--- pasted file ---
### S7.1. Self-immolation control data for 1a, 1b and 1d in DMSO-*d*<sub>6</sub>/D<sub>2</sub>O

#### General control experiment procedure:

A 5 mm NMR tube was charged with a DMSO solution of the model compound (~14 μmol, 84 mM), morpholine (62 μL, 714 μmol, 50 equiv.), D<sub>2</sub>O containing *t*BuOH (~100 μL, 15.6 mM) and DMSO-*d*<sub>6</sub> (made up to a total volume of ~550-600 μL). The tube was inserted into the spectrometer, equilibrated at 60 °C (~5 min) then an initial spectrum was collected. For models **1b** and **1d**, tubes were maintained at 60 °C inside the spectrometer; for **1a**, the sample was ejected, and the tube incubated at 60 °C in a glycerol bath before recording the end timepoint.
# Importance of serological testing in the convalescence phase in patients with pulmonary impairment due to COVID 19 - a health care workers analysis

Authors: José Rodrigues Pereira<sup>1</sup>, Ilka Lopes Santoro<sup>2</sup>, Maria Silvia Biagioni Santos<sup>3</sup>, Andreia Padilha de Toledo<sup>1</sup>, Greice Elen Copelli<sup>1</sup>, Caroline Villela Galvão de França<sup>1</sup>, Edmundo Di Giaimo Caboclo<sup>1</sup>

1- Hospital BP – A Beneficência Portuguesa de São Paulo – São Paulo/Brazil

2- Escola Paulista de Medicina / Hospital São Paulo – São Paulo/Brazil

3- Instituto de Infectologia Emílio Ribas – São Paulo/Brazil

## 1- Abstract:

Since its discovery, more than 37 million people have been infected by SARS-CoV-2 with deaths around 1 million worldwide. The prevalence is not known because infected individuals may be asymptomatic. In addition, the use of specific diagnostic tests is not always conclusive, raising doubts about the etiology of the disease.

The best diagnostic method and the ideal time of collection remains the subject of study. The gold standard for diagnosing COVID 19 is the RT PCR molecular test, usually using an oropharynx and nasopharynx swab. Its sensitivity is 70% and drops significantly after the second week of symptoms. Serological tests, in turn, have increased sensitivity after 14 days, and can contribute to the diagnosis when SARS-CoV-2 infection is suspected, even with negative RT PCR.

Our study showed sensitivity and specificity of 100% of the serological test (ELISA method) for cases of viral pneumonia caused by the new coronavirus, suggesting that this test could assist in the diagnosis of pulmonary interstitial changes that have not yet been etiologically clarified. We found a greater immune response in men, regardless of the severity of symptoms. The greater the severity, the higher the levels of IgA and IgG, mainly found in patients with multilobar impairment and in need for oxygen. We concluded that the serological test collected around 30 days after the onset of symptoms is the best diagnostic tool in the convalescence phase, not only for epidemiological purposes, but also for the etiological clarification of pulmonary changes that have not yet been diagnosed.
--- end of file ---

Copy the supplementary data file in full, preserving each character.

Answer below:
### S7.1. Self-immolation control data for 1a, 1b and 1d in DMSO-*d*<sub>6</sub>/D<sub>2</sub>O

#### General control experiment procedure:

A 5 mm NMR tube was charged with a DMSO solution of the model compound (~14 μmol, 84 mM), morpholine (62 μL, 714 μmol, 50 equiv.), D<sub>2</sub>O containing *t*BuOH (~100 μL, 15.6 mM) and DMSO-*d*<sub>6</sub> (made up to a total volume of ~550-600 μL). The tube was inserted into the spectrometer, equilibrated at 60 °C (~5 min) then an initial spectrum was collected. For models **1b** and **1d**, tubes were maintained at 60 °C inside the spectrometer; for **1a**, the sample was ejected, and the tube incubated at 60 °C in a glycerol bath before recording the end timepoint.
# Importance of serological testing in the convalescence phase in patients with pulmonary impairment due to COVID 19 - a health care workers analysis

Authors: José Rodrigues Pereira<sup>1</sup>, Ilka Lopes Santoro<sup>2</sup>, Maria Silvia Biagioni Santos<sup>3</sup>, Andreia Padilha de Toledo<sup>1</sup>, Greice Elen Copelli<sup>1</sup>, Caroline Villela Galvão de França<sup>1</sup>, Edmundo Di Giaimo Caboclo<sup>1</sup>

1- Hospital BP – A Beneficência Portuguesa de São Paulo – São Paulo/Brazil

2- Escola Paulista de Medicina / Hospital São Paulo – São Paulo/Brazil

3- Instituto de Infectologia Emílio Ribas – São Paulo/Brazil

## 1- Abstract:

Since its discovery, more than 37 million people have been infected by SARS-CoV-2 with deaths around 1 million worldwide. The prevalence is not known because infected individuals may be asymptomatic. In addition, the use of specific diagnostic tests is not always conclusive, raising doubts about the etiology of the disease.

The best diagnostic method and the ideal time of collection remains the subject of study. The gold standard for diagnosing COVID 19 is the RT PCR molecular test, usually using an oropharynx and nasopharynx swab. Its sensitivity is 70% and drops significantly after the second week of symptoms. Serological tests, in turn, have increased sensitivity after 14 days, and can contribute to the diagnosis when SARS-CoV-2 infection is suspected, even with negative RT PCR.

Our study showed sensitivity and specificity of 100% of the serological test (ELISA method) for cases of viral pneumonia caused by the new coronavirus, suggesting that this test could assist in the diagnosis of pulmonary interstitial changes that have not yet been etiologically clarified. We found a greater immune response in men, regardless of the severity of symptoms. The greater the severity, the higher the levels of IgA and IgG, mainly found in patients with multilobar impairment and in need for oxygen. We concluded that the serological test collected around 30 days after the onset of symptoms is the best diagnostic tool in the convalescence phase, not only for epidemiological purposes, but also for the etiological clarification of pulmonary changes that have not yet been diagnosed.